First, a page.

Let’s Make Faery Bread

Bread (2)

Let’s make faery bread.

Here’s why we are making faery bread today.  We are in the process of trying to find a new Home.  When I think of Home, the first thing that comes to mind is my mother pounding away on the dough of a loaf of homemade bread.  Making bread was her therapy, not to mention everyone in the family loved it.  From the smell that invaded every corner of the house, to the melt in your mouth sinfulness as fresh from the oven slathered with butter slabs of bread hit your tongue.

I invoke the goddess Hestia with every meal I cook, even if it is to throw a can of soup in a bowl and stick it in the microwave.  I am a Hearth-Crafter.  I prefer to make my meals from scratch, even when it seems there is not enough time for a full-blown ‘to do’.  My children, as yet, have no appreciation for the things I love to cook and to eat.  I love to bake.  I love to make chili.  I love to make thick rich stews and traditional soups.  I even love to pan fry potatoes and serve them up with every meal you can think of, just as my grandmother always used to do.

Today, as we invite the goddess Hestia to sit with us, to help us as we seek a new abode, as we give thanks to all Her blessings that have touched us thus far in our journey through life, we make the one thing that always makes me think of family, that everyone in my family will eat without griping or argument or quarrel, other than to make sure they get their fair share of things.  That alone is worth making my own bread.

Now, usually I use a bread-maker to make my bread.  Technically, I use two bread-makers at the same time, because bread goes that fast around here when I make it.  This recipe can be converted to a non-machine recipe.  I will tell you how at the end of the bread machine version.

First, the ingredients.

When I was a young girl, I asked my mother how she made her bread.  She frustrated and stymied me by saying she’d been making bread for so long she just knew.  There were no measurements for what she did.  There was flour and sugar and water and yeast and salt.  There was nothing for me to follow, except the flow of her hands and arms as she kneaded away.  I learned to cook and to bake and to make bread from books.  Although the desire to be as good as my mother and to never need a cookbook always spurred me on, and still does to this day.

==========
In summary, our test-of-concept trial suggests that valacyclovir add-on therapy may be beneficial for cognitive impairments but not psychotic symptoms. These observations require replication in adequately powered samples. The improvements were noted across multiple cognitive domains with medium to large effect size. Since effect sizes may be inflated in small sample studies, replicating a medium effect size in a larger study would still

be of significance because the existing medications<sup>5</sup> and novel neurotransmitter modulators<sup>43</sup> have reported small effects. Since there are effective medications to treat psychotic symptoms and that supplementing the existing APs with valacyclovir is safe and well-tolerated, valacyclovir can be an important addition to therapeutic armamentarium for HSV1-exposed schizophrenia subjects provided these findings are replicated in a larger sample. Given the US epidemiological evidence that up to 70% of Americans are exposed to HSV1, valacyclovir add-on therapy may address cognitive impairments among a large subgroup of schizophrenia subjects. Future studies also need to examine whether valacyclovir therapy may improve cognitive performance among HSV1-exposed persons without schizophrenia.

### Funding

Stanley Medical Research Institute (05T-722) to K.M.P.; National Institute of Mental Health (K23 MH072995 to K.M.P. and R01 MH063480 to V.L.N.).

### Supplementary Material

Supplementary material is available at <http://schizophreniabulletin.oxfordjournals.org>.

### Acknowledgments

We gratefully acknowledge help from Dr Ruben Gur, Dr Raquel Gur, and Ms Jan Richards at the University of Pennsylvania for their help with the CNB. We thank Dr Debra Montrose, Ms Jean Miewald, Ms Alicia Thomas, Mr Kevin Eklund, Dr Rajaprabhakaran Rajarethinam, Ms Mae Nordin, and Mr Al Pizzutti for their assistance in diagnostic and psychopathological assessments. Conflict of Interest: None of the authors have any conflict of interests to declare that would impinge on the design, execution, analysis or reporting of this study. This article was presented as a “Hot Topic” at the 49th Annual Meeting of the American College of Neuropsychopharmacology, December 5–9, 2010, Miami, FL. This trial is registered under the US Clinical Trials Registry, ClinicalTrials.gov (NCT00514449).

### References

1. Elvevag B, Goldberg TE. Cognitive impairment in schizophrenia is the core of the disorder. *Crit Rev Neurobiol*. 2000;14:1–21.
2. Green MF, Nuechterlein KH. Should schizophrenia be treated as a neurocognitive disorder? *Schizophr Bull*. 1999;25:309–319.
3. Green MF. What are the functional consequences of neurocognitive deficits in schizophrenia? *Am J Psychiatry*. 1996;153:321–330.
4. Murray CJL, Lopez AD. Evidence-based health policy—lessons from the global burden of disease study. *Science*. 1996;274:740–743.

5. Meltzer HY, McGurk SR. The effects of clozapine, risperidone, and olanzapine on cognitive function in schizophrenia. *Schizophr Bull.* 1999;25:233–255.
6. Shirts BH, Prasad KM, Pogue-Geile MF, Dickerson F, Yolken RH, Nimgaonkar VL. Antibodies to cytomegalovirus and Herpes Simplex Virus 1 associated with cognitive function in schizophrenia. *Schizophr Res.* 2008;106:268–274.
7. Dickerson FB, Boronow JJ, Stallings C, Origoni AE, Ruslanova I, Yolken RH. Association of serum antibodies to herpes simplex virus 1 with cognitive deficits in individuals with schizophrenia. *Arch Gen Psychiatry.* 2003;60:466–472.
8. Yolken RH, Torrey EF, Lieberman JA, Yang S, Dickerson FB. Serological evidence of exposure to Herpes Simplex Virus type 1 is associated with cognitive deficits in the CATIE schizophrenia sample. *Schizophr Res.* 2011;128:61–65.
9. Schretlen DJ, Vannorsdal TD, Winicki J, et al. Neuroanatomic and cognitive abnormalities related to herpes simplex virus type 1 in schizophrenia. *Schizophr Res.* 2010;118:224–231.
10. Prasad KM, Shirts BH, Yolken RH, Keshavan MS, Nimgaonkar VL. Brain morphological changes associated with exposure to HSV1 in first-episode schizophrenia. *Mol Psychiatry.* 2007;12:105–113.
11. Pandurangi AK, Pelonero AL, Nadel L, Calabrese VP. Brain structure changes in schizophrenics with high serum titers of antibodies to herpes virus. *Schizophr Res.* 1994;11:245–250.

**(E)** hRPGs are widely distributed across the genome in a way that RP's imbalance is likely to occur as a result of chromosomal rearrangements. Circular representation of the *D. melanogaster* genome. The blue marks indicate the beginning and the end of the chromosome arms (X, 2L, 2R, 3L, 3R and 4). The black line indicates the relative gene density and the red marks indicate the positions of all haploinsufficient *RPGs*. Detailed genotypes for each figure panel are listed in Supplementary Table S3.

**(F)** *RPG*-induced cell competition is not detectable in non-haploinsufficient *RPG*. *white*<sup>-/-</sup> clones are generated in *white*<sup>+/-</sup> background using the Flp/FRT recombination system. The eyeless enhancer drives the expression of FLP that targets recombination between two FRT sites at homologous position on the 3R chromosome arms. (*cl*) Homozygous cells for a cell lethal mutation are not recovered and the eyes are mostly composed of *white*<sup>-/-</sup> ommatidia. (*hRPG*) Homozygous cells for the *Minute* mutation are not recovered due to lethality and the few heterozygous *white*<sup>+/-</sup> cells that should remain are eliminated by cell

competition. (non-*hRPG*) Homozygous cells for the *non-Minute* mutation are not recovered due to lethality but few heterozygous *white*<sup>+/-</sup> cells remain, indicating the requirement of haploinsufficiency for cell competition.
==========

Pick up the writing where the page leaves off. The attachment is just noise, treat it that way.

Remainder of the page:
Here we are in a place where I sort of do the same thing now as my mother when it comes to a basic white bread.  Although I will do my best to give you more guidance.

You will need 1-1/2 cups of lukewarm, body temperature water.  The kind of water that when it hits the skin of the inside of your wrist, you barely feel it, or it might be just a little bit warmer than your skin.  About the same temperature as a baby’s bottle before you feed the baby.  Depending on your room, since it is summer here and is almost too hot for me to say this, room temperature is normally good.  We have also made rose tea and used the tea in place of water.  Any flowery tea works well here and only adds to the faery aspect of the bread.  Chrysanthemum tea.  Jasmine tea.  Feel free to experiment.

You will also need a tablespoon or two of sugar.  It can be white sugar or brown sugar.  We’ve used cubed sugar, cane sugar, even confectioners sugar one time-although I don’t remember why now.  Probably at the behest of one child or the other, just to see what would happen.

Roughly two tablespoons of olive oil.

Roughly a teaspoon of salt.

Lavender or other derivative of any and all flowers.  Before I had children, I would use rose petals, frequently from my own garden, which I processed in the food processor before adding to my dough.  If using dried lavender, I normally use about three tablespoons.  These days, with my children, I use lavender supplements.  I take three capsules, empty the powder into the machine, and toss the gelatin capsules away.  Although we have done it, with children helping, where you simply throw in three capsules as is and walk away.  That turned out fine too.

I also have a bottle of ‘lavender spirits’ which is a blend of lavender oil, cinnamon oil, clove oil, and so on.  It is a tincture.  I usually use 30 or so drops of this when I use it to make bread.  I try not to mix tinctures with dried herbs or fresh herbs.  I try to stick with one or the other, rather than combining them.  But please feel free to experiment.

Roughly four cups of plain white flour.  You can mix this up by doing half wheat, half white, or any other number of combinations with different flours.  So long as there is about four cups all together, you should be good.

I have a daughter who will not touch a piece of bread if she can see anything in it…not a seed, not a speck, not anything that looks ‘un’bread-like’, like oats dappling the crust or flax seeds in the bread itself.  So, lately I tend to use white flour—although when I get the chance I prefer oat flour mixed with the white.  I love to use flax, but it has to be ground into a flour too before I can use it with my daughter.  Think outside the box with your flour combinations.  Do keep in mind, different types of flour have different qualities. Some flours are heavier than others and produce a weightier loaf of bread.